FUNDAMENTALS OF COMPUTER SYSTEMS

SHE Level 1
SCQF Credit Points 10.00
ECTS Credit Points 5.00
Module Code M1I325893
Module Leader n/a
School School of Computing, Engineering and Built Environment
Subject Computing
Trimester
  • A (September start)

Pre-Requisite Knowledge

n/a

Summary of Content

This module introduces students to the fundamental aspects of computer systems: architectures; applications; and data. The content will include an examination of computer systems from the very small (bits and bytes), through data representation (binary), to instruction sets, the fetch and execute cycle and computer memory organisation. The module will also include working with an operating system using a command line, and controlling a computer using assembly language. Additional hardware topics such as peripherals and embedded systems will be introduced. Students will gain practical experience in the investigation of computer systems and architecture through a programme of laboratory work and tutorial study. The percentage of Work Based Learning for this module, as represented by the proportion of the Activity Types which take place off campus, is approximately 80%. The percentage of Work Based Assessment for this module is around 20%.

Syllabus

-360b7 Data representation and manipulation; binary, hexadecimal, floating point number representation and negative numbers b7 The architectural building blocks of a simple CPU including registers, ALU, control unit and data-paths. b7 The fundamentals of instruction fetch, interpretation and execution. b7 Introduction to assembly language: vs machine language, derivation of control steps for assembly instructions b7 How a program works and how it is stored on hard disc, high level languages, compiling a program, bootstrap process. b7 Operating systems, software and applications: Linux, command line and basic scripting. b7 File systems and directories: Mapping files onto disc blocks, file structures and their advantages and disadvantages. b7 Systems organization including distributed-systems, parallel and multi-core techniques. b7 Organisation and performance of the memory/storage hierarchy. This overview ranges from CPU-based memory technology through to network-attached storage technologies. b7 Overview of hardware elements: embedded systems, peripherals b7 Client/Server architectures, N-Tier architectures

Learning Outcomes

On successful completion of this module, the student should be able to:1 - Describe the key components of computer system hardware, operating system and software architectures used to provide computer system functionality2 - Explain how data is represented and manipulated by a CPU instruction set within a computer system.3 - Explain low level control of hardware by assembly language 4 - Demonstrate the use of command line input to an operating system and create a short script.

Teaching / Learning Strategy

Learning and teaching will take place through a variety of mechanisms, including lectures and practical sessions, research into current developments and issues. Topics will be introduced in lectures and discussed through guided inquiry learning activities. A Virtual Learning Environment (VLE) will also be used that will provide access to a range of relevant learning resources and materials to enhance the teaching strategy. Managed blended learning environments will be used to consider material and provide the capability for reflection on material related to learning outcomes. The subject discipline is continuously developing, evolving and changing and as a result students will be expected to keep up to date with developments through independent research. Students will be encouraged to adopt an independent learning style, acquiring and applying knowledge through their own research and enquiry, supported by a series of guided activities and exercises. Work based Education aims to maximise the direct and digitally mediated contact time with students by practicing teaching and learning strategies that use authentic work based scenarios and encourage action learning, enquiry based learning, problem based learning and peer learning. All these approaches aim to directly involve the students in the process of learning and to encourage sharing of learning between students. The module team will determine the level and accuracy of knowledge acquisition at key points in the delivery, inputting when necessary either directly or with the support of external experts who will add to the authenticity, the credibility and application of the education and learning in the workplace.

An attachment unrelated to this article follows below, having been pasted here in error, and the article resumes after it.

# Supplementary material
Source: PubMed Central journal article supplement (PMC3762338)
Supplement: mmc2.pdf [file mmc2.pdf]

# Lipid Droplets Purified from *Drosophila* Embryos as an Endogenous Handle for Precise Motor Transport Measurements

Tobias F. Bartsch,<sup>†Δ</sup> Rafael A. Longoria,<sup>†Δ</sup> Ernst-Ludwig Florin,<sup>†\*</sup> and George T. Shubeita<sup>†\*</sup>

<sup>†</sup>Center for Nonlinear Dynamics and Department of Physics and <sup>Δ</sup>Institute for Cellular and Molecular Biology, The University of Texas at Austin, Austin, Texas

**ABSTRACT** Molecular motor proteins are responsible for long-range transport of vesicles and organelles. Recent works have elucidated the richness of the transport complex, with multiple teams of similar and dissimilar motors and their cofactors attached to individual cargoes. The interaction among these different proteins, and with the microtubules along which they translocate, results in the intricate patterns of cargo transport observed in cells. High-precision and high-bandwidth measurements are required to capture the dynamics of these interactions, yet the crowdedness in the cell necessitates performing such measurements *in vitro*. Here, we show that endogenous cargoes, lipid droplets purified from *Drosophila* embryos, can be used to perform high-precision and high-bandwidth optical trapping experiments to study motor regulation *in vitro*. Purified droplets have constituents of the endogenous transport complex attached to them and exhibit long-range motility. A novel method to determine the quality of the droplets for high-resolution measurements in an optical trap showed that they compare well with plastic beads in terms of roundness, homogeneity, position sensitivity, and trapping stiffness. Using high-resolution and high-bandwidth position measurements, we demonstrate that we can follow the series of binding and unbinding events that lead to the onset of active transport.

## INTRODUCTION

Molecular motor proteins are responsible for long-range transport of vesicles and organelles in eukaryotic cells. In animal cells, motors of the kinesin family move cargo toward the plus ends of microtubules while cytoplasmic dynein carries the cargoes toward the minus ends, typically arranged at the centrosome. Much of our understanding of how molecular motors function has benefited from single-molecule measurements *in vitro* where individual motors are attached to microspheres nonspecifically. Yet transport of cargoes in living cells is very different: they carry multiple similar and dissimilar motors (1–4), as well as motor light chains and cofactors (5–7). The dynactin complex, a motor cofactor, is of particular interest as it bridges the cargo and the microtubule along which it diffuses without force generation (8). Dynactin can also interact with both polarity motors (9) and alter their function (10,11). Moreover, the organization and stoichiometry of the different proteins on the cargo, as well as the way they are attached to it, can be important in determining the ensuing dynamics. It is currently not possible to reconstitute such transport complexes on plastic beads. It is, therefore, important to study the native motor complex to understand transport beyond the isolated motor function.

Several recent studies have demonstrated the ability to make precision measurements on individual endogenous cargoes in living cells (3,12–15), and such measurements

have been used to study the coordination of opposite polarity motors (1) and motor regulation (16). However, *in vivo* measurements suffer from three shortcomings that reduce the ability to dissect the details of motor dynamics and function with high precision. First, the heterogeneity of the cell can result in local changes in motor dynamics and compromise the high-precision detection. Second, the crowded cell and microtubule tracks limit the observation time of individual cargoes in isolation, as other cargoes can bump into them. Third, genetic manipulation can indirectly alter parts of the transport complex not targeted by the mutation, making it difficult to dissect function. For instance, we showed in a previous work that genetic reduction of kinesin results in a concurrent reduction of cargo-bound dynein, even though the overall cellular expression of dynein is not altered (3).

Indicative Reading

-567 Brookshear, J G, Computer Science: An overview, Prentice hall, April 2014, ISBN-10: 0133760065 ISBN- 13: 9780133760064 Reed, D Balanced Introduction to Computer Science, Pearson, Nov 2010, ISBN-10: 0132594447 ISBN-13: 9780132594448 Shotts, W.E. The Linux Command Line: A Complete Introduction, No Starch Press, Jan 2012, ISBN 978-1593273897 Brands,G. Introduction to Computer Science: A textbook for Beginners in Informatics, CreateSpace, Oct 2013, ISBN 978-1492827849

Transferrable Skills

By the end of this module students will have gained competence in the following key areas: Specialist knowledge and application Critical thinking and problem solving Critical analysis Communication skills, written, oral and listening Numeracy Creativity, innovation and independent thinking. Appreciating and desiring the need for continuous professional development Ability to prioritise tasks and time management Gain additional industry focussed competence in the application of the knowledge and practical skills obtained on this programme.

Module Structure

Activity Total Hours
Practicals (FT) 12.00
Tutorials (FT) 6.00
Independent Learning (FT) 60.00
Assessment (FT) 10.00
Lectures (FT) 12.00

Assessment Methods

Component Duration Weighting Threshold Description
Coursework 1 n/a 50.00 35% Practical project
Coursework 2 1.00 50.00 35% Class Test